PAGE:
It is the truth that makes one free, but the present undue reliance of preachers on these fragmentary tools in order to bolster their preaching conclusions may bear short-term fruit, but in the long run may undermine the very truth they passionately desire to communicate because it trains a whole generation to rely upon polls, statistics, and studies with credulous trust. Moreover, undue reliance upon science (not to mention scientism) affords very little incentive to develop a godly mind through devoted study and digging deeply into the Word of God.

 

Quoting Statistics May Undermine Truth, part I

by Ronnie Rogers

Ronnie Rogers is senior pastor of Trinity Baptist Church in Norman, Okla., a university city cited by the North American Mission Board in 2006 as the most unchurched in the state. Pastor Rogers’ expositional sermons draw large collegiate crowds during the school year as he preaches and teaches (and writes) from a biblical perspective that boldly challenges popular culture.


In the quest to seem with it in our present scientistic milieu, preachers and Christians often pursue fluency regarding the latest polls, statistics, and studies (punctiliar thinking) more than they seek understanding of the Scripture and linear thinking. This quest is often characterized by indiscriminate reliance upon and usage of these tools, which actually leads people farther from the truth both in their thinking processes and in their conclusions. Although these tools are useful at times, they should be used judiciously and sparingly lest one unwittingly becomes a scientistic myrmidon, and by his example leads others to do likewise.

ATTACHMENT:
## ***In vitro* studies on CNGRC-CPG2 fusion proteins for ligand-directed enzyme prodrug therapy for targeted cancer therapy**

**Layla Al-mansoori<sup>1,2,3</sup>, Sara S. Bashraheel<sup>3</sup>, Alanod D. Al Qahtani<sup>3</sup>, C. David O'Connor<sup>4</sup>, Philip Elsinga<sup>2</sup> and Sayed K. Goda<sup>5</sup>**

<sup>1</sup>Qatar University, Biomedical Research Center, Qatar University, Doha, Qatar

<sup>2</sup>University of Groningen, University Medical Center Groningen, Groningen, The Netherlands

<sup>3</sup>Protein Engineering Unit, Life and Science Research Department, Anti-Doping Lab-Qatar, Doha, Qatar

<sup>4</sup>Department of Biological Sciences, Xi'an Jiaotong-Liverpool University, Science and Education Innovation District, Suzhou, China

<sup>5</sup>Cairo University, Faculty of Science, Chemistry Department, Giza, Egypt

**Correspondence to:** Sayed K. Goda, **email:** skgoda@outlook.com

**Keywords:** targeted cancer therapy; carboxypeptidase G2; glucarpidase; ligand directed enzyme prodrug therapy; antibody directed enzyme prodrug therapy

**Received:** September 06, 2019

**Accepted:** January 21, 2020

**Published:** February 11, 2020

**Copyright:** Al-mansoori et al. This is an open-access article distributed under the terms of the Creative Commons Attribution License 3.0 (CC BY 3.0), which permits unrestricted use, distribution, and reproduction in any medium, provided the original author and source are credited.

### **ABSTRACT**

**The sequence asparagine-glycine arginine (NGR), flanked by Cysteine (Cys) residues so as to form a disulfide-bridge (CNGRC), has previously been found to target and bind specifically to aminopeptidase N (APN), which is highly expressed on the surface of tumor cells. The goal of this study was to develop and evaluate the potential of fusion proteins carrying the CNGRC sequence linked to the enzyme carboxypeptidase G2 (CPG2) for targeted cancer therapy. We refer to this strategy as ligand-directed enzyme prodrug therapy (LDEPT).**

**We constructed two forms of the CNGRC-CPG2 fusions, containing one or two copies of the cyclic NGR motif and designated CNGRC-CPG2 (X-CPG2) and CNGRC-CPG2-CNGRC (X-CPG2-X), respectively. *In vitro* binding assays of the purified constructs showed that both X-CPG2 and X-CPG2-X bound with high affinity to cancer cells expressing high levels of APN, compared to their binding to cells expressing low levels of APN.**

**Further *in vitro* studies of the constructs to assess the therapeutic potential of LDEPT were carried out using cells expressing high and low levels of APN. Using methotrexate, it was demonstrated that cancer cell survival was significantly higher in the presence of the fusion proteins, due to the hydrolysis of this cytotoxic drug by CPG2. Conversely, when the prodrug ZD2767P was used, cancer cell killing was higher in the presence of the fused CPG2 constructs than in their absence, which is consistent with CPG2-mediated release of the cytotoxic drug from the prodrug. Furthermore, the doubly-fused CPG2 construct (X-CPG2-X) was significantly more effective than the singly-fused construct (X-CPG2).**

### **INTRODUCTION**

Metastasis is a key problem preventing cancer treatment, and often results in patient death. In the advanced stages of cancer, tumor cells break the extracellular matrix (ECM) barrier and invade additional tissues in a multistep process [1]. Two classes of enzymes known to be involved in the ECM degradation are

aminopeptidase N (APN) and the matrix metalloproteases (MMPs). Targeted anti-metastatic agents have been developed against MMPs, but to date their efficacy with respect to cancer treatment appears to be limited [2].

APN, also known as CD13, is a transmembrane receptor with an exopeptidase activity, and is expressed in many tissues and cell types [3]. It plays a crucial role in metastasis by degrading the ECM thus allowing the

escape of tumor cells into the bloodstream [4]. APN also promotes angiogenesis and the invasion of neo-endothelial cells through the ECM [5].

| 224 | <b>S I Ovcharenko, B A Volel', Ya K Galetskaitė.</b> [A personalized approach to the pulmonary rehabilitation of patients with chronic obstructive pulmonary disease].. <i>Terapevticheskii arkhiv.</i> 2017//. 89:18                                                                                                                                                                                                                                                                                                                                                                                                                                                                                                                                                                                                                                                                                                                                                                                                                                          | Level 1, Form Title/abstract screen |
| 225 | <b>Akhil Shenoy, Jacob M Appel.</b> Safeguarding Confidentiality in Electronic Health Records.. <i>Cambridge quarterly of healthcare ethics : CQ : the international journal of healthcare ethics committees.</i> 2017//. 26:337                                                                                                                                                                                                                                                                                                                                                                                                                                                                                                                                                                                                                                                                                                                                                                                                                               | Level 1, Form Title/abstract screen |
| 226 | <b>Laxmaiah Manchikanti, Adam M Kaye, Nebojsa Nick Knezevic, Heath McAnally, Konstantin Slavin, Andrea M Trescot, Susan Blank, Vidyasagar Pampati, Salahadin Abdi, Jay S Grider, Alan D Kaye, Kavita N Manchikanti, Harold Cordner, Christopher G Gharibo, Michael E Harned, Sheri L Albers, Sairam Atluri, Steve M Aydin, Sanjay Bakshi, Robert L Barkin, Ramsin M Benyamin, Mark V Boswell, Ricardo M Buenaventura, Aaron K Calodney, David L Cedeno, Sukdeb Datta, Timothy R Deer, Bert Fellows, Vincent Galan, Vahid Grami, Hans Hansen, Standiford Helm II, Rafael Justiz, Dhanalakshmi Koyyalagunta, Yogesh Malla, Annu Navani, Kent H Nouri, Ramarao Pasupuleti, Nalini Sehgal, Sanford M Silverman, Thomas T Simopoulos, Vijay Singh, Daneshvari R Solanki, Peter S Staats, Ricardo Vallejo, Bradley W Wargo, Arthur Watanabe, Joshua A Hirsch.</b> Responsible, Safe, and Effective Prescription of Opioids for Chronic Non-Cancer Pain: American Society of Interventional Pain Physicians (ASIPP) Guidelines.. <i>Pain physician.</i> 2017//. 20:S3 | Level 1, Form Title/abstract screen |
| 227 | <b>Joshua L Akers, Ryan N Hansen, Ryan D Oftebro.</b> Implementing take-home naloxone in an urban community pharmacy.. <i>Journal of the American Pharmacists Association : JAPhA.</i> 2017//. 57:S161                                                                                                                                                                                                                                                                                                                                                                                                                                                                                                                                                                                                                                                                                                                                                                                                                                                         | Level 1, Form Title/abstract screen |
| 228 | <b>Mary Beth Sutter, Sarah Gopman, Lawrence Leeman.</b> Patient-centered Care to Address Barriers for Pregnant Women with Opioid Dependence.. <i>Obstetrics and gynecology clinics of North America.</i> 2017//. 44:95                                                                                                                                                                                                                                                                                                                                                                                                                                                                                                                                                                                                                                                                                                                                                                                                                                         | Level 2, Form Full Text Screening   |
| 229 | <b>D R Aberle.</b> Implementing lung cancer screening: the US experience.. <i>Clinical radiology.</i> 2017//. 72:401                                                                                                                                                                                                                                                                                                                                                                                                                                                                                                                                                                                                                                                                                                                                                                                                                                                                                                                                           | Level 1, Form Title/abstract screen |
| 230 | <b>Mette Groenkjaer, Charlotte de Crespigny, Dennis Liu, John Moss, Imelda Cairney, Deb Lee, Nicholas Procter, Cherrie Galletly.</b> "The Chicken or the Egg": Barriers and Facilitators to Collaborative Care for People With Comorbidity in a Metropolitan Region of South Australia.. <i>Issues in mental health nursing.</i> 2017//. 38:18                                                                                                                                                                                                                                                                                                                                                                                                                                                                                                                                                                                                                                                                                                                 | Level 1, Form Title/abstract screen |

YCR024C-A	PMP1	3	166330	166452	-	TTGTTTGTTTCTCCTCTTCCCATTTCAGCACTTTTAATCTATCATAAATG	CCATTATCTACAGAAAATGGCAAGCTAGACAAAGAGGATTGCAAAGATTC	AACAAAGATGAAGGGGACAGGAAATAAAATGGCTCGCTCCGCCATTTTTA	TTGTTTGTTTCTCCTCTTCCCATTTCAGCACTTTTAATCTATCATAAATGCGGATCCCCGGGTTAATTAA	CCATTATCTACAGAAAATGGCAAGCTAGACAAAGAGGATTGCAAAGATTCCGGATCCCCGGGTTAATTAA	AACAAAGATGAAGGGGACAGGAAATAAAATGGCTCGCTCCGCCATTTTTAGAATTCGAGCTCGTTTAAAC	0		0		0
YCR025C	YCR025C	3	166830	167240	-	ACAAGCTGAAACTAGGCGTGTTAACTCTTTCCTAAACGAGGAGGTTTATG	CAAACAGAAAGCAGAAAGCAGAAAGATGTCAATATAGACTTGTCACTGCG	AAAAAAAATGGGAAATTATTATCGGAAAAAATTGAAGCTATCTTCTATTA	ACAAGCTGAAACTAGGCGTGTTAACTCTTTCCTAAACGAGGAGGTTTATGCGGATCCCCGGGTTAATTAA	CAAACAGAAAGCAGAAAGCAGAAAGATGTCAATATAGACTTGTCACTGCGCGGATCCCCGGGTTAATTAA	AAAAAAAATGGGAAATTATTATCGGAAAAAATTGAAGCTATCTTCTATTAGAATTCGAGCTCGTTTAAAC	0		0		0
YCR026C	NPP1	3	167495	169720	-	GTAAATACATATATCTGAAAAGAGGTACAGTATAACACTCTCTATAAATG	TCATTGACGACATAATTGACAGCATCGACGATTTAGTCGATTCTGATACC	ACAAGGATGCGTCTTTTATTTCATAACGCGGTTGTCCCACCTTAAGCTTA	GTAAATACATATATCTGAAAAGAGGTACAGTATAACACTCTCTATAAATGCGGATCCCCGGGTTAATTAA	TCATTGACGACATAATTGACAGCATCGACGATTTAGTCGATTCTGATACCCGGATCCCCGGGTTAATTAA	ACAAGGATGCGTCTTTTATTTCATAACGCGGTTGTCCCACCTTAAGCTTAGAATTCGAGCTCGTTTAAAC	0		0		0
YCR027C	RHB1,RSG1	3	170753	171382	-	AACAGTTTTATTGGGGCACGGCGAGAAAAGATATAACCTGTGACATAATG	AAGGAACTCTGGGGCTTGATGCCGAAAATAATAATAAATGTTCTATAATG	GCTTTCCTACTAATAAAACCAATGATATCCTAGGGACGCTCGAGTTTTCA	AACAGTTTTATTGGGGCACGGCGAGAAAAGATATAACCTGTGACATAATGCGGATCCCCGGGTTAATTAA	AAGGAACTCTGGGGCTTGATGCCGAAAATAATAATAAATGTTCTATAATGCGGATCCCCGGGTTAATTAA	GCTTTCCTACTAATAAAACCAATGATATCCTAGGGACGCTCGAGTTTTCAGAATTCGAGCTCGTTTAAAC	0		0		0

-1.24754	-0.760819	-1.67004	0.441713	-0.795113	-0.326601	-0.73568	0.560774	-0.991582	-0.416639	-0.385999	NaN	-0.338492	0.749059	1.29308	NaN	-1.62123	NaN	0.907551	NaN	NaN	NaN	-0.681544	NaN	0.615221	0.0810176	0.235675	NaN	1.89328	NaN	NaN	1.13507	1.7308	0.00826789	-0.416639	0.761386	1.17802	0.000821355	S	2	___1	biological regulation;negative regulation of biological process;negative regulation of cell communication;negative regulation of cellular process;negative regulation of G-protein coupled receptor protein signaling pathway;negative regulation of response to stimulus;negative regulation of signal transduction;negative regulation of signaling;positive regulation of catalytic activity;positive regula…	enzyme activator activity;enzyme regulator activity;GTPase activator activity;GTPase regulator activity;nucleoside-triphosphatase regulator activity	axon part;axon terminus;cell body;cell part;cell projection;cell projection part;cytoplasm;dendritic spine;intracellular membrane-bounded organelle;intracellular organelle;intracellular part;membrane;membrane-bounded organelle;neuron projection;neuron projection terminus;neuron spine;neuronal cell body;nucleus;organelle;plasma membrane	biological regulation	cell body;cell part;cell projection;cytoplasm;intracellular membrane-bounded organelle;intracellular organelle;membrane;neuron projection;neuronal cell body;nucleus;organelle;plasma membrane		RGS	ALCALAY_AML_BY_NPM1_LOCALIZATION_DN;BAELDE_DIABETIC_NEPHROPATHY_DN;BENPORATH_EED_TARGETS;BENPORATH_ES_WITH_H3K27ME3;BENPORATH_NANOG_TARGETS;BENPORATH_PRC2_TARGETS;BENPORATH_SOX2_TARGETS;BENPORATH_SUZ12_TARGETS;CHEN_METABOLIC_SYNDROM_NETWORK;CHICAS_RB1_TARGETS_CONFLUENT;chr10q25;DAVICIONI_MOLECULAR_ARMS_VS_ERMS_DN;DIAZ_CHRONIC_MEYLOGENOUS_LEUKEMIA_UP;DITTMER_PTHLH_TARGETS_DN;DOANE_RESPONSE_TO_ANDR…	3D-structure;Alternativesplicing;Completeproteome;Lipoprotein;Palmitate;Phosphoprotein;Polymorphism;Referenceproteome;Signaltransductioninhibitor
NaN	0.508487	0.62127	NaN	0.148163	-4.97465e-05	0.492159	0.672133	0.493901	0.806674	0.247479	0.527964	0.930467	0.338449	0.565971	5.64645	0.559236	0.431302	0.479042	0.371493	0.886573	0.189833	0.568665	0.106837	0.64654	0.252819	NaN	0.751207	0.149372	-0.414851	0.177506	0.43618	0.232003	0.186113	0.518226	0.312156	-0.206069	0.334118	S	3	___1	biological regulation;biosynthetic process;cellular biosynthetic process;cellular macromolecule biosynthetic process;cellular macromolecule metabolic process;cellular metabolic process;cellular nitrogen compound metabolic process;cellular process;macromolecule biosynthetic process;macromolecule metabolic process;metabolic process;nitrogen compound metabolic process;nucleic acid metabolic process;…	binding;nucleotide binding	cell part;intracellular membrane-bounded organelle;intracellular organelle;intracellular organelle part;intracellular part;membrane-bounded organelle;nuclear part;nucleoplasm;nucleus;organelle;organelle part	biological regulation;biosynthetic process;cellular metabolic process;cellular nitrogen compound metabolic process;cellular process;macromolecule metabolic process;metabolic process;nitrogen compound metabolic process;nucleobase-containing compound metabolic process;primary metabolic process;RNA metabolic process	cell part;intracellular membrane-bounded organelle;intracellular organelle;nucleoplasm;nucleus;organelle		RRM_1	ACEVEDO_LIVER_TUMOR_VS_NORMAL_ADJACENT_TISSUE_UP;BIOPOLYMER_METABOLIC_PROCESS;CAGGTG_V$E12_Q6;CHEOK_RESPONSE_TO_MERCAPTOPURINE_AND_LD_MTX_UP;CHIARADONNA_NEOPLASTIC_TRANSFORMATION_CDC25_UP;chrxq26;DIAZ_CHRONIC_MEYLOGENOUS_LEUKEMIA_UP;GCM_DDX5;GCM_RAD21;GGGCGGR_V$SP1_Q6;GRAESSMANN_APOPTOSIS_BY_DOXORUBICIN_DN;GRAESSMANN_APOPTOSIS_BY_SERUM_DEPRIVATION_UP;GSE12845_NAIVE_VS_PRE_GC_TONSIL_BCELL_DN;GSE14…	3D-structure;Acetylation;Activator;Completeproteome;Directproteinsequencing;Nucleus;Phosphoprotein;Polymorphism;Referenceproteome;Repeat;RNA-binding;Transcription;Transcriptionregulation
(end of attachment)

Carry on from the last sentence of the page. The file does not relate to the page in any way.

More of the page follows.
Science proper is the systematic study of the physical nature, relationships, and interactions of physical phenomena.[i] Thus, the benefit of science is the knowledge it provides about the physicality of life; however, when scientific inquiry seeks to explain or comment upon more than that or limit knowable existence to that, it is no longer science, but scientism—naturalism.

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The Work of the Pastor

By Franklin L. Kirksey, Pastor, First Baptist Church of Spanish Fort, Alabama, and author of Sound Biblical Preaching: Giving the Bible a Voice.

These expositions by Dr. Kirksey are offered to suggest sermon or Bible study ideas for pastors and other church leaders, both from the exposition and from the illustrative material, or simply for personal devotion.